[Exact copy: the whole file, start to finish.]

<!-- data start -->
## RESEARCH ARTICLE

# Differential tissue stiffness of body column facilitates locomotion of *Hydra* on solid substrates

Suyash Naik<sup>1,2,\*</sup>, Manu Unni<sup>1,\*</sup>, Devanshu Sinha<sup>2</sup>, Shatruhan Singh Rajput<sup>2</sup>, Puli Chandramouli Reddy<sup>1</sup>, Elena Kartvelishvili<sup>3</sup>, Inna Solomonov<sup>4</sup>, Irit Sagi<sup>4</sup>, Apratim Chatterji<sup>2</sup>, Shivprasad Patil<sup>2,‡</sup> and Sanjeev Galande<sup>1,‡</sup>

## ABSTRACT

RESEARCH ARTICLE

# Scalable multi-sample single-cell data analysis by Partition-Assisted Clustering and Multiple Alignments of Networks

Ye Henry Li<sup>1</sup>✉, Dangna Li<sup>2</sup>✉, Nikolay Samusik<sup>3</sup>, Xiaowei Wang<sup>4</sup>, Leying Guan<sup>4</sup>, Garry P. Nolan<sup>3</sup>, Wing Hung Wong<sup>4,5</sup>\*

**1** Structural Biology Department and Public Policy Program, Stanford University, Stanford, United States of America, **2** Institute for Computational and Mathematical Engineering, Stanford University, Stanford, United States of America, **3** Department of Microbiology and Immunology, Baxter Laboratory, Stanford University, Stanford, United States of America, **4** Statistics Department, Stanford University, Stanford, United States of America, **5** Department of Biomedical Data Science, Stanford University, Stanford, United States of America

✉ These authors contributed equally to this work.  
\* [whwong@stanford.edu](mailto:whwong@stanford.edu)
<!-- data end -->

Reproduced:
## RESEARCH ARTICLE

# Differential tissue stiffness of body column facilitates locomotion of *Hydra* on solid substrates

Suyash Naik<sup>1,2,\*</sup>, Manu Unni<sup>1,\*</sup>, Devanshu Sinha<sup>2</sup>, Shatruhan Singh Rajput<sup>2</sup>, Puli Chandramouli Reddy<sup>1</sup>, Elena Kartvelishvili<sup>3</sup>, Inna Solomonov<sup>4</sup>, Irit Sagi<sup>4</sup>, Apratim Chatterji<sup>2</sup>, Shivprasad Patil<sup>2,‡</sup> and Sanjeev Galande<sup>1,‡</sup>

## ABSTRACT

RESEARCH ARTICLE

# Scalable multi-sample single-cell data analysis by Partition-Assisted Clustering and Multiple Alignments of Networks

Ye Henry Li<sup>1</sup>✉, Dangna Li<sup>2</sup>✉, Nikolay Samusik<sup>3</sup>, Xiaowei Wang<sup>4</sup>, Leying Guan<sup>4</sup>, Garry P. Nolan<sup>3</sup>, Wing Hung Wong<sup>4,5</sup>\*

**1** Structural Biology Department and Public Policy Program, Stanford University, Stanford, United States of America, **2** Institute for Computational and Mathematical Engineering, Stanford University, Stanford, United States of America, **3** Department of Microbiology and Immunology, Baxter Laboratory, Stanford University, Stanford, United States of America, **4** Statistics Department, Stanford University, Stanford, United States of America, **5** Department of Biomedical Data Science, Stanford University, Stanford, United States of America

✉ These authors contributed equally to this work.  
\* [whwong@stanford.edu](mailto:whwong@stanford.edu)